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Author summary Seasonal influenza causes a significant public health burden nationwide. Accurate influenza forecasting may help public health officials allocate resources and plan responses to emerging outbreaks. The U.S. Centers for Disease Control and Prevention (CDC) reports influenza data at multiple geographical units, including regionally and nationally, where the national data are by construction a weighted sum of the regional data. In an effort to improve influenza forecast accuracy across all models submitted to the CDC's annual flu forecasting challenge, we examined the effect of imposing this geographical constraint on the set of independent forecasts, made publicly available by the CDC. We developed a novel method to transform forecast densities to obey the geographical constraint that respects the correlation structure between geographical units. This method showed consistent improvement across 79% of models and that held when stratified by targets and test seasons. Our method can be applied to other forecasting systems both within and outside an infectious disease context that have a geographical hierarchy. With an estimated $10.4 billion in medical costs and 31.4 million outpatient visits each year, influenza poses a serious burden of disease in the United States. To provide insights and advance warning into the spread of influenza, the U.S. Centers for Disease Control and Prevention (CDC) runs a challenge for forecasting weighted influenza-like illness (wILI) at the national and regional level. Many models produce independent forecasts for each geographical unit, ignoring the constraint that the national wILI is a weighted sum of regional wILI, where the weights correspond to the population size of the region. We propose a novel algorithm that transforms a set of independent forecast distributions to obey this constraint, which we refer to as probabilistically coherent. Enforcing probabilistic coherence led to an increase in forecast skill for 79% of the models we tested over multiple flu seasons, highlighting the importance of respecting the forecasting system's geographical hierarchy.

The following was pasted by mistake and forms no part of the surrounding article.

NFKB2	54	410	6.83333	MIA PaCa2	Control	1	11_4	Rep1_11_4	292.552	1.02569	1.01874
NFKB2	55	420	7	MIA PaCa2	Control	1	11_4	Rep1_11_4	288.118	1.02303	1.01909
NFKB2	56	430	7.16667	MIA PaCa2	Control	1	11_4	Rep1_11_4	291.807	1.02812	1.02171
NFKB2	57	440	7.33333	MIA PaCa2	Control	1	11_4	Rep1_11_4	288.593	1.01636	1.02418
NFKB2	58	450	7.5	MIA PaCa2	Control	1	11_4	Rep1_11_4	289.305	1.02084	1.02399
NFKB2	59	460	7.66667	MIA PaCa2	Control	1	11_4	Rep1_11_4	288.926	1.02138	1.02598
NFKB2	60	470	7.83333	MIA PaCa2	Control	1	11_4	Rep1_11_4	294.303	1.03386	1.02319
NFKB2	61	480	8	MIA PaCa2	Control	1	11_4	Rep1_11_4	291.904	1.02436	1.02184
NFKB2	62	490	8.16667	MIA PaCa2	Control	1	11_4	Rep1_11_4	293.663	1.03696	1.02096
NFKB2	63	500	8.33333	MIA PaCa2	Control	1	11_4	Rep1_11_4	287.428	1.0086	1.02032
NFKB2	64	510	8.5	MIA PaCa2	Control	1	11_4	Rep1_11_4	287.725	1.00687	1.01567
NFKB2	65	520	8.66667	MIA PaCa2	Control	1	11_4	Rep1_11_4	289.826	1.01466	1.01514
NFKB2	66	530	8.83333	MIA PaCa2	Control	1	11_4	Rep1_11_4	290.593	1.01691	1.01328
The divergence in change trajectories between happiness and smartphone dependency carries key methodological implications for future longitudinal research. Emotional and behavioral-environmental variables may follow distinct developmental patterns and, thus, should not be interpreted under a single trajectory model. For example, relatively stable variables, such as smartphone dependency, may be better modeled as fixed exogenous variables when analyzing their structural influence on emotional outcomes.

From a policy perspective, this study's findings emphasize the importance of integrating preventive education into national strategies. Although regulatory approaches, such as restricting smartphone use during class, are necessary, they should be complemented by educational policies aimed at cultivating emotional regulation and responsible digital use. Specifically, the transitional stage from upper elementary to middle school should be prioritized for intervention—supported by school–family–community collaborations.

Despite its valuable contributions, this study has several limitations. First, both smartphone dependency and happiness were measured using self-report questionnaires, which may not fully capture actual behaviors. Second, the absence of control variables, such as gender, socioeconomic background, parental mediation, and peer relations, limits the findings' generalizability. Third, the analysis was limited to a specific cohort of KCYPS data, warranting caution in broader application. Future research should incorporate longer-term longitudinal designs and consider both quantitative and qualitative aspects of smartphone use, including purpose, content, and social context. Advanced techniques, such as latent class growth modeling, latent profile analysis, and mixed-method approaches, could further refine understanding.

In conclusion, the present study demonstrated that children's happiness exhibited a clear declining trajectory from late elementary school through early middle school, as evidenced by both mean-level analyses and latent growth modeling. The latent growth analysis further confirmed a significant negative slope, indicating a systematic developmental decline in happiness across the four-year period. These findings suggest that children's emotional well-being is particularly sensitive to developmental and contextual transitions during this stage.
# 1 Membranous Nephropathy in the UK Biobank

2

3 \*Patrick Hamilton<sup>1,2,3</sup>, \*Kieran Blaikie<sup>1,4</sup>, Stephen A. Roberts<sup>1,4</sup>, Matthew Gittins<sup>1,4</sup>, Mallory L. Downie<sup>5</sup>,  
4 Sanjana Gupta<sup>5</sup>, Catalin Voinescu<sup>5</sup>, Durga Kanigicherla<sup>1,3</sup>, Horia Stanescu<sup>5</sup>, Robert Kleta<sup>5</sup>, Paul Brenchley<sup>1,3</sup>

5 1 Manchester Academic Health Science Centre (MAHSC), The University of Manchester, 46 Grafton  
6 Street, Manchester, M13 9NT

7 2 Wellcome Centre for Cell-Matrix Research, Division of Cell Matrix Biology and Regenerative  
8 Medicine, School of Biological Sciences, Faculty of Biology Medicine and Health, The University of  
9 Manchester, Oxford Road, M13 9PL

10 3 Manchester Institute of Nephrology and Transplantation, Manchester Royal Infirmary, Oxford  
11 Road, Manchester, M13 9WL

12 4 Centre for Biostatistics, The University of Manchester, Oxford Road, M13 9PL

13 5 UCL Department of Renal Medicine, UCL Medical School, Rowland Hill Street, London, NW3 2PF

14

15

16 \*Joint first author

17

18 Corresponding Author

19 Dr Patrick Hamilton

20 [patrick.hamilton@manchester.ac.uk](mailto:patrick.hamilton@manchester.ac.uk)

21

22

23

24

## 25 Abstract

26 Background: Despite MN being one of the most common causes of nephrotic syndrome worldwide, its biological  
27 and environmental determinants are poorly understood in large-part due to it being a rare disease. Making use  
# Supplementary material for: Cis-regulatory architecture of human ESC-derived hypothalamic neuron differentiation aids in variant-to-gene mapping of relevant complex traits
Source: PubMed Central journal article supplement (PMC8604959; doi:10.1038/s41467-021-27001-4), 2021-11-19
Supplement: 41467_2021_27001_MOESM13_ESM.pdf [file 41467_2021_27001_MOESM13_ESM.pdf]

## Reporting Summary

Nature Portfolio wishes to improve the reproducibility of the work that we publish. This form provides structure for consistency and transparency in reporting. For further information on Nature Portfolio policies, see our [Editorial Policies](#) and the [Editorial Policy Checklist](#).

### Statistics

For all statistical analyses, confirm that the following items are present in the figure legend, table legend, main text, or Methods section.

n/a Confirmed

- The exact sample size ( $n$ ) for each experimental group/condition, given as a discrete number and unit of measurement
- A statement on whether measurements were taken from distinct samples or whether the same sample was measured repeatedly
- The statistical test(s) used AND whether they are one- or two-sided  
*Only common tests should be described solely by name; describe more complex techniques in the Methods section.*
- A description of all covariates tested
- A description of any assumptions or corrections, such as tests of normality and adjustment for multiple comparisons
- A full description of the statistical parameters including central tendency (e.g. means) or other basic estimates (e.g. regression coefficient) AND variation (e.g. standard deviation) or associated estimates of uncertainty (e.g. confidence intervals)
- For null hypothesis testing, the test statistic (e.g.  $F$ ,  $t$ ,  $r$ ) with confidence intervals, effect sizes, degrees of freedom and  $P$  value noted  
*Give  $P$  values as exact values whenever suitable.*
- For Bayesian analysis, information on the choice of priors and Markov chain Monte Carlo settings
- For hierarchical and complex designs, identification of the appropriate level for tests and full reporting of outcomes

Moran, Kelly/0000-0003-3551-2885; Reich, Nicholas/0000-0003-3503-9899







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This work is licensed under a Creative Commons Attribution 3.0 License.


Department of Energy at Los Alamos National LaboratoryUnited States Department of Energy (DOE)Los Alamos National Laboratory [89233218CNA000001]; LANL LDRD grant [20190546ECR]; National Institutes of General Medical SciencesUnited States Department of Health & Human ServicesNational Institutes of Health (NIH) - USANIH National Institute of General Medical Sciences (NIGMS) [R35GM119582]; US Centers for Disease Control and PreventionUnited States Department of Health & Human ServicesCenters for Disease Control & Prevention - USA [1U01IP001122]